Human Croquet and Hissy Fit

I have gathered us all together today to give thanks to a mighty institute. An institute that accomplishes many wonderful things with little thanks. In my town this institute offers free after school tutoring, will let you take home DVDs of popular films, has CDs by the hundreds, lends you paintings for your walls, allows free access to the internet, and even has books of all sorts, both fiction and non. I am talking about my local library and we give thanks in the name of National Library Week. I read a lot, usually between five and ten books a week, and all three of my kids read quite a bit so the library has been a financial boon for us. If we had to pay for all the books we read we would be living on the streets because we'd have no money left over for housing. But the library can be a bit overwhelming if you have no idea what you want to read. Luckily for you I am here with a couple of suggestions for books I recently checked out and enjoyed very much.

Two of the books I read had a similar theme; a motherless daughter tries to set her chaotic life to rights by finding out what why her mother abandoned her. The first one is called Human Croquet, written by Kate Atkinson, and it has everything I love in a book, mystery, humor, beauty, fear, and fantastic elements. It’s the story of Isobel, a girl who lives in a boardinghouse with an assortment of odd people, most of them relatives. Her brother is fascinated with stories of people who have mysteriously vanished, her stepmother thinks the furniture rearranges itself if she doesn't watch it every moment, her father, who was gone and rumored to be dead for years after her mother disappeared, is not the father she remembers. Her good friend seems to be set on joining those who have gone astray, but she's doing it very slowly, sort of fading away. "What's wrong with Audrey?" everyone asks, as she gets quieter and quieter and more and more distant. A boarder at the rooming house may have turned into an insect and the next-door neighbor may or may not have died violently.

Isobel manages to bumble on, despite the increasing weirdness of her environment and those who populate it, defending herself with her greatest weapon, her glorious wit and smart mouth, until she starts to experience little time warps. One minute she's walking to school, the next she's stuck in the distant past, wondering what on earth it all means. And what does it all mean? There are scads of possible explanations presented; Isobel could be a direct descendent of the Lady of the Wood who is still angry because her mortal husband treated her poorly. Are all of the strange happenings because of the curse she laid on the family hundreds of years before? Or are aliens visiting? Is the house alive or is her mother's ghost trying to communicate with them? The buffet of possible explanations is a large part of what makes this book such a delight. Isobel herself is the rest of it; she's so funny and dear that you can't help but love sharing her story with her.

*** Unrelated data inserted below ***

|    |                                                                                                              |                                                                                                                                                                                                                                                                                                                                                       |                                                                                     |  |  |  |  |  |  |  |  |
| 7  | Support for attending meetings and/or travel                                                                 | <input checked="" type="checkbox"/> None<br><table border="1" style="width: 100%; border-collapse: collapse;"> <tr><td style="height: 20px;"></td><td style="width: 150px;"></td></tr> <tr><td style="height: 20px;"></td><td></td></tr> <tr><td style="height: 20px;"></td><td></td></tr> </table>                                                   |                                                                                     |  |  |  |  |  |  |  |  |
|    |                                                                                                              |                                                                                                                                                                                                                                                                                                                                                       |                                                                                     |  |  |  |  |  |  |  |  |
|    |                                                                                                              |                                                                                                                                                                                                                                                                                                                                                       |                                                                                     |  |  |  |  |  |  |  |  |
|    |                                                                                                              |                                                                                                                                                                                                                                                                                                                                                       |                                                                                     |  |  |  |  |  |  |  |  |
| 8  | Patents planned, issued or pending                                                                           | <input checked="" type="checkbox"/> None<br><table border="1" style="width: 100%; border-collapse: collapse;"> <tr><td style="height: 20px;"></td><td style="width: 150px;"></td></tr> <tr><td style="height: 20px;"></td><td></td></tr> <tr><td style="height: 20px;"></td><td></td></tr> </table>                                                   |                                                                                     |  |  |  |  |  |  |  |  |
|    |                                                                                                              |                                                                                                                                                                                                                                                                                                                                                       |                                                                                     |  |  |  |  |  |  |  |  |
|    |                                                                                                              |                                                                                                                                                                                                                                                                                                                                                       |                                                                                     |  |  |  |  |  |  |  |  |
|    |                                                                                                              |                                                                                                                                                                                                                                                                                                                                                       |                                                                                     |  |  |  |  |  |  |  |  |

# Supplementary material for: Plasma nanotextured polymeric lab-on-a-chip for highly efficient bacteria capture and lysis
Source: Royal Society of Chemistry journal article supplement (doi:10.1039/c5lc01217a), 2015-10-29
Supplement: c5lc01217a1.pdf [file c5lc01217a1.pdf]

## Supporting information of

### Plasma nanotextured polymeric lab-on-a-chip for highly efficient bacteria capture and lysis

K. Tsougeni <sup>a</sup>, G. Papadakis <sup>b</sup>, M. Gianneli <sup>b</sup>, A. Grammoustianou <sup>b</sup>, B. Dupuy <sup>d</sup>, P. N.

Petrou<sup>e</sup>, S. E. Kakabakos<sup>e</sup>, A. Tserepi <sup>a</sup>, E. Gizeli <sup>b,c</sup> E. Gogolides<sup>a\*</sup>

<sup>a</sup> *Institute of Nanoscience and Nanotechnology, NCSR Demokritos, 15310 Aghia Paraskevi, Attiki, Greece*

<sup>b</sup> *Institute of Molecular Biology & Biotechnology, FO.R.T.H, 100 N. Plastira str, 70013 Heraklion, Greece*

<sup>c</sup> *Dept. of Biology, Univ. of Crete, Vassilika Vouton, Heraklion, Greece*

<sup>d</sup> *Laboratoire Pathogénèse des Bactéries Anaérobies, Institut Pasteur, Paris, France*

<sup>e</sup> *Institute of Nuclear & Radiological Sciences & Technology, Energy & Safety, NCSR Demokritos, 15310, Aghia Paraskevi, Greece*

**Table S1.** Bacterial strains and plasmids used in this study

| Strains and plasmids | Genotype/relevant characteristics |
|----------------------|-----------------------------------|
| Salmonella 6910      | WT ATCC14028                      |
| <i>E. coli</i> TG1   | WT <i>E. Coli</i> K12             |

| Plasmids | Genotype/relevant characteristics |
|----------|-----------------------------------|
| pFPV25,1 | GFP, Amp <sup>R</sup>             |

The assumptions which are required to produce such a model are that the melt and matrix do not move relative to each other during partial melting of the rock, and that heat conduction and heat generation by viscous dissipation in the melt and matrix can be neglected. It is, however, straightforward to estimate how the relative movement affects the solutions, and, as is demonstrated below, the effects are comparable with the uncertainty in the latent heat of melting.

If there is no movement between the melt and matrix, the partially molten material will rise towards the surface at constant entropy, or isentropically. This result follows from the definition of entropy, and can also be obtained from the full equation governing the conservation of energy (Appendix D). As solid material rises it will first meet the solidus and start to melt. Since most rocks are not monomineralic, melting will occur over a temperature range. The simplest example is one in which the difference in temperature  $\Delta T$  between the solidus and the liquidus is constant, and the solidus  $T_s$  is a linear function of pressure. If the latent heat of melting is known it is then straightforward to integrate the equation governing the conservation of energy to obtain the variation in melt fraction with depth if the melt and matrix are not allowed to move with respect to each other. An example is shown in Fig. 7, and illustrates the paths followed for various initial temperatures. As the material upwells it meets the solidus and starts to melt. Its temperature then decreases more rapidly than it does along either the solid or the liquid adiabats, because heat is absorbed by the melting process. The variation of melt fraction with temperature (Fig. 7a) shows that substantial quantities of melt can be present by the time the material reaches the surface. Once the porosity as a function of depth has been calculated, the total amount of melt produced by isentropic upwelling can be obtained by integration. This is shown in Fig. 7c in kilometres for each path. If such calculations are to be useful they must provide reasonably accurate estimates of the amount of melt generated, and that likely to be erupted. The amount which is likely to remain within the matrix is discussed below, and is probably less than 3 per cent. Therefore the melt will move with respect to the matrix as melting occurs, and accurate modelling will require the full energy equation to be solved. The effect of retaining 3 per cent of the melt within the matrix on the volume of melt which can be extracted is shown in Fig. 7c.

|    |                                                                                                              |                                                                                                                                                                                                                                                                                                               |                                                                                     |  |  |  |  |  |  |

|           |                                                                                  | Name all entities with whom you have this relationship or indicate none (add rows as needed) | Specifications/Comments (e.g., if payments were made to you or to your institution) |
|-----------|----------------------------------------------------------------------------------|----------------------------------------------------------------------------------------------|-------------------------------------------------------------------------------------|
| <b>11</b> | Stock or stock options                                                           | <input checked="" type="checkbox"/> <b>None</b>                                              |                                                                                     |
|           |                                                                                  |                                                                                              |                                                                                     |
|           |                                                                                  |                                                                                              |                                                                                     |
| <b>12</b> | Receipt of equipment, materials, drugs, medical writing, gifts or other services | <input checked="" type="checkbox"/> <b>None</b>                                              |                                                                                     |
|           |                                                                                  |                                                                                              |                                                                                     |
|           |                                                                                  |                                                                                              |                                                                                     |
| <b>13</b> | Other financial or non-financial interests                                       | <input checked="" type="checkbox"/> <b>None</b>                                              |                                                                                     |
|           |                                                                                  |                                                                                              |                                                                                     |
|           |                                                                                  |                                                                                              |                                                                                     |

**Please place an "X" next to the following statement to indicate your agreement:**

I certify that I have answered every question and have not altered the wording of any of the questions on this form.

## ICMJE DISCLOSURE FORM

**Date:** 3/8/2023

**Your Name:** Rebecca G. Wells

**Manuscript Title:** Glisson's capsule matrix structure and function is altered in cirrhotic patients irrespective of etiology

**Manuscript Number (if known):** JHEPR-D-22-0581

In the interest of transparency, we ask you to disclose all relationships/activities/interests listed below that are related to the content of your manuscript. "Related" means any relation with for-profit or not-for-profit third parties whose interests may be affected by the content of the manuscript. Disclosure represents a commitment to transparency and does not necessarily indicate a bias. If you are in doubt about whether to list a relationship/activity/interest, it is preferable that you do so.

On the surface the other book, Hissy Fit by Mary Kay Andrews, is utterly and completely different. Although at the heart of this book there is a mystery, there is nothing fantastic about it. This book has its feet squarely on the ground and would not tolerate even a hint of a fairy queen running around its pages. But underneath it's another story of someone who can't come to grips with the mysterious disappearance of her mother and how this absence affects her life.

Hissy Fit is billed as a romance but I would call it a coming of age story. After all for a book to be a romance doesn’t it need to be a love story? It's almost an anti-love story. It starts off at Keeley Murdock's wedding rehearsal where she discovers her fiancé having sex with her best friend, and not just having sex but talking about how much better it is with her friend than it is with her. Naturally she throws a huge fit, cancels the wedding, tries to write something nasty about him on the side of the car (misspelling it in her rage), and starts to walk home in her extremely uncomfortable shoes. Enter Will Mahoney, an unattractive redhead with more money than sense who tries to rescue her and hire her to restore his beautiful antebellum mansion.

Keeley is adamantly opposed to working for him but her ex-fiancé's banking family retaliates against her and all of her business dries up, leaving her with no choice but to take his commission. Will has big plans for the house; he has decided he's in love with a woman he saw on television and he wants the house to be so wonderful that she'll see it and fall in love with it and him on the spot. As Keeley works on the house she starts to research her mother's disappearance and her perception of the people in her small town changes as she learns what exactly happened so many years ago. Although this book is quite sad in parts overall it's funny and sweet and most of all, fun.